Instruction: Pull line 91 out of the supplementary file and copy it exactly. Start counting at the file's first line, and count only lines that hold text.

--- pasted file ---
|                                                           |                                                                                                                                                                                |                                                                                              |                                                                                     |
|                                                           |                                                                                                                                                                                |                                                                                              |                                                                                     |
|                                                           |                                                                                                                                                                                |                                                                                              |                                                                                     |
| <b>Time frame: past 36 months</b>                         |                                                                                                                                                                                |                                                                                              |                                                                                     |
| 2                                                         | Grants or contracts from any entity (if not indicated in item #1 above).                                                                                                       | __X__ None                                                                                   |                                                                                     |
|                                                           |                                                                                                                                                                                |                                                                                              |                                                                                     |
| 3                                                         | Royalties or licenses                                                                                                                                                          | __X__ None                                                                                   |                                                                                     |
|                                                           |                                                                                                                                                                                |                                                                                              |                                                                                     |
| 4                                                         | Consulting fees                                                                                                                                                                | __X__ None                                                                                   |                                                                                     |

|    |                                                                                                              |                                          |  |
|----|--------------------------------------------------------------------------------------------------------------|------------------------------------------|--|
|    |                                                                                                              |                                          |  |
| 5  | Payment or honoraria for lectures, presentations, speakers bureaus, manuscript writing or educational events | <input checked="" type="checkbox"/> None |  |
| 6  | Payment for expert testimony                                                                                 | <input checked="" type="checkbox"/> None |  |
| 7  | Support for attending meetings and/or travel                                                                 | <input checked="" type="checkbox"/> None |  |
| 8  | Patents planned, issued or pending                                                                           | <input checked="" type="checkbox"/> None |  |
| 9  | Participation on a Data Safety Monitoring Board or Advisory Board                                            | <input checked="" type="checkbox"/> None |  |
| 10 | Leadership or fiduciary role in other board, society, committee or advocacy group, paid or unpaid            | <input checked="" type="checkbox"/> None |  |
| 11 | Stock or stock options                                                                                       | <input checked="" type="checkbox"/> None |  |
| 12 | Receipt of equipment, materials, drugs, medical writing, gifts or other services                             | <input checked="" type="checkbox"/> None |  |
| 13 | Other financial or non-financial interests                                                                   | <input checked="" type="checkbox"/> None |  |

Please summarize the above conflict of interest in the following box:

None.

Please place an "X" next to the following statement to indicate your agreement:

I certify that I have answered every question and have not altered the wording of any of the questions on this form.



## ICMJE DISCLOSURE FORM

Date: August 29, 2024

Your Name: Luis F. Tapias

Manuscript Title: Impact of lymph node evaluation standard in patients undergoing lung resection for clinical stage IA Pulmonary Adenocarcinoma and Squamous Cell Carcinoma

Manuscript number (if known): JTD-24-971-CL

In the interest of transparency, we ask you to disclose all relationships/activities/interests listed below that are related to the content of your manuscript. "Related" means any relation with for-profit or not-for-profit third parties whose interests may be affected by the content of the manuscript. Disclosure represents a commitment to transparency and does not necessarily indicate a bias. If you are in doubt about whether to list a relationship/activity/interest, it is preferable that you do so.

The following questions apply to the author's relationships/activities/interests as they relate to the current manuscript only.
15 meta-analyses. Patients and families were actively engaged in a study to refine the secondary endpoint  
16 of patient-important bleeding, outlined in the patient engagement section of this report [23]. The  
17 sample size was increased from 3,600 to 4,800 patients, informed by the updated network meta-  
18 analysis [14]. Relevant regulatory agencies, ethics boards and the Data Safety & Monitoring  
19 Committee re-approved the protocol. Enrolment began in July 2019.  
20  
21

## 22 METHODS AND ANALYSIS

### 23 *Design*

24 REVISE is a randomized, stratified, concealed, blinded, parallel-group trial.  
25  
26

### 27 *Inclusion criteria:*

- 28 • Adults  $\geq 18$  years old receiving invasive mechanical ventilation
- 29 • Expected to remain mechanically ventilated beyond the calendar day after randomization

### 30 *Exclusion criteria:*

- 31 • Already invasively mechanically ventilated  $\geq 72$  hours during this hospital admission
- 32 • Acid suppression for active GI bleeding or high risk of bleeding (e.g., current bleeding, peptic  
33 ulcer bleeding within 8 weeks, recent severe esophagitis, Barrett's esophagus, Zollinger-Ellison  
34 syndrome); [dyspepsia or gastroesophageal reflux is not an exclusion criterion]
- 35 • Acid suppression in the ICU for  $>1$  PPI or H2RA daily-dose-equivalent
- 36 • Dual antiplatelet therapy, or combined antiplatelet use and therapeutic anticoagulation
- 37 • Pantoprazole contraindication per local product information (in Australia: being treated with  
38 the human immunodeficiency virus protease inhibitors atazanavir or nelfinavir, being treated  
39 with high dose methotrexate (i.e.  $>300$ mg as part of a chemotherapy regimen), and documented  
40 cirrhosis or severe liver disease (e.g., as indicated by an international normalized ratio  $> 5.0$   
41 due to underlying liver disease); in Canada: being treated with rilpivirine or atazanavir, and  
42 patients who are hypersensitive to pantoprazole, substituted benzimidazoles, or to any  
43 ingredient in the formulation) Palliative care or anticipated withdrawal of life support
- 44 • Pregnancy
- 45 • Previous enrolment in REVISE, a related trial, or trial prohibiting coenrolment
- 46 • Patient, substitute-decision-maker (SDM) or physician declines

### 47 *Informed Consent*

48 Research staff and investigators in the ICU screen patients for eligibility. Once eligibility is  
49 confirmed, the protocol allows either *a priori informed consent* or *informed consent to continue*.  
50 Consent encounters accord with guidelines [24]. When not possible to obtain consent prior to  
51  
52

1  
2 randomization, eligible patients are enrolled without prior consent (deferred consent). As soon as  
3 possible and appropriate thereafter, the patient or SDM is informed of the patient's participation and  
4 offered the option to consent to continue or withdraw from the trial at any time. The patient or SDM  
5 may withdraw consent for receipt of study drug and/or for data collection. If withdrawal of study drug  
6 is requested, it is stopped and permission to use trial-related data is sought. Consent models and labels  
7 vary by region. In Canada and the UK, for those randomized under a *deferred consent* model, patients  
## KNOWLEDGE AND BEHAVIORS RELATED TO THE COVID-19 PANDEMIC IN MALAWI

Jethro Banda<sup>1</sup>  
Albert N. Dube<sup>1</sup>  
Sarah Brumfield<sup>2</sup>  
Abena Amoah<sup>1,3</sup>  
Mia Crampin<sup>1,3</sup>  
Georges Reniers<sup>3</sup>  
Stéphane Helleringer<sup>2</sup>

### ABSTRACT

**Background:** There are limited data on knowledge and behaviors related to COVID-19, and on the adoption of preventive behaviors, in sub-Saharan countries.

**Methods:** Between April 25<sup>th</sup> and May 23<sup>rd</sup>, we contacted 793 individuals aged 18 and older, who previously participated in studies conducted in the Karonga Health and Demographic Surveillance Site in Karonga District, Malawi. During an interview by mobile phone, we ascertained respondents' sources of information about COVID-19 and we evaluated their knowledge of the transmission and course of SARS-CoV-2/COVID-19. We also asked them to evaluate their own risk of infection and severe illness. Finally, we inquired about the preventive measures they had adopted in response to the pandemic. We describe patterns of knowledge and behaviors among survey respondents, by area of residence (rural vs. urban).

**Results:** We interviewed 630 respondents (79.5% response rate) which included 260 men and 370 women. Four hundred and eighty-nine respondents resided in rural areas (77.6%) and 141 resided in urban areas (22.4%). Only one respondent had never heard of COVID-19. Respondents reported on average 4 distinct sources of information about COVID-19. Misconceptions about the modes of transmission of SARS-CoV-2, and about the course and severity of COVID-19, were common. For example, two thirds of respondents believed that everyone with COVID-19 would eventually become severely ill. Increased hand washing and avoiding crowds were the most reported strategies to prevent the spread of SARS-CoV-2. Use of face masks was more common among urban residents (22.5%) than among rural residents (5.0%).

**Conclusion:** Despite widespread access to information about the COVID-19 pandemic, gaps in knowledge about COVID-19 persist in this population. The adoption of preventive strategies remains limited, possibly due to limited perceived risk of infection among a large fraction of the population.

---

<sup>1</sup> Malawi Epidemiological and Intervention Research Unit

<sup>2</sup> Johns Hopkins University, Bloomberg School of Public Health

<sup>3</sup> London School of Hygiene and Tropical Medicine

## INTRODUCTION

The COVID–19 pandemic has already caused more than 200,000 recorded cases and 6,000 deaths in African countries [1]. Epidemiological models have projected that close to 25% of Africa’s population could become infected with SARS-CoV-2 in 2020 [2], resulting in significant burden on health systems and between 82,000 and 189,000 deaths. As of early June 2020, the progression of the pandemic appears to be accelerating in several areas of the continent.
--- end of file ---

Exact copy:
---